Cane harvest to be delayed

2011-01-19 00:00

SUGAR cane farmers on the South Coast can expect a decent harvest only much later than is usually expected, according to a statement by the South African Cane Growers’ Association.

Both the south and north coasts have felt the effect of the severe droughts that plagued the province last year.

According to the statement, the above-average rainfall received in November and December last year will not be enough to eliminate the impact of the 2010 drought.

Said the communications manager of the association, Jayne Ferguson, “The good rains which have continued into January 2011 are much appreciated as they have fallen in the period of planting, promoting good germination and rapid growth.

“However, due to the drought in 2010 and the associated impacts such as cane root mortality and the forced harvest of young cane — which under normal conditions would have been carried over to the 2011/12 season — it is expected that there will be little cane to be harvested in the first half of the 2011/12 season.”

It is expected that the north and south coasts will feel the impact of this the most.

“It is unlikely that there will be any considerable harvesting until later in the season [in these areas],” Ferguson continued.

“Consequently, these growers are likely to experience cash flow problems and will have to secure production finance.”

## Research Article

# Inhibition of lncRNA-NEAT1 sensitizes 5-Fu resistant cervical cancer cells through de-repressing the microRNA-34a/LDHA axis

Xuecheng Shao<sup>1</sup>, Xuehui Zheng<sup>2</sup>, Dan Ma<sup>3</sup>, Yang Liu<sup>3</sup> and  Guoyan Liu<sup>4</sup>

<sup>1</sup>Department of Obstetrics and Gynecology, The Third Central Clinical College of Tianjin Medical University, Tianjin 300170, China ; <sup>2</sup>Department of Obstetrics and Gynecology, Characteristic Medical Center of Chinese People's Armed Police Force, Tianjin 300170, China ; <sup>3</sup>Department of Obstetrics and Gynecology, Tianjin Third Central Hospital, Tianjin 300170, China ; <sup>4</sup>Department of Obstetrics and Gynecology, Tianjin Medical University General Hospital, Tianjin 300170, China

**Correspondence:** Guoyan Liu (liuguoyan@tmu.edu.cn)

The situation is not all bad, however.

“An average to above-average rainfall this year is likely to result in significant carry-over at the end of the 2011/12 season,” Ferguson said.

“This will bring an above-average production in 2012/13, leading to a positive cash flow situation.”

A local cane grower and representative of the small-scale growers’ association, Desmond Naidoo, agreed that the situation on the South Coast is dire.

He said it would take towards the latter half of the new growing season (April to December) for the situation to rectify itself.

“We were hit really hard; there are some farms that have just been left barren because there are no finances available for the farmers to replant,” he said.

“What we did last season was barely enough to cover costs and didn’t allow for any money to be ploughed back into the farms, which is what the main problem is.”

Naidoo explained that during the drought farmers were producing 15 to 20 tons of cane per hectare when an average season would see them producing 75 to 90 tons per hectare.

“The production finance that we need is the money needed for the upkeep of the farms,” added Naidoo.

“This comes from banks usually, but many of the farms are far too small and considered a risk so they will have a difficult time surviving.”

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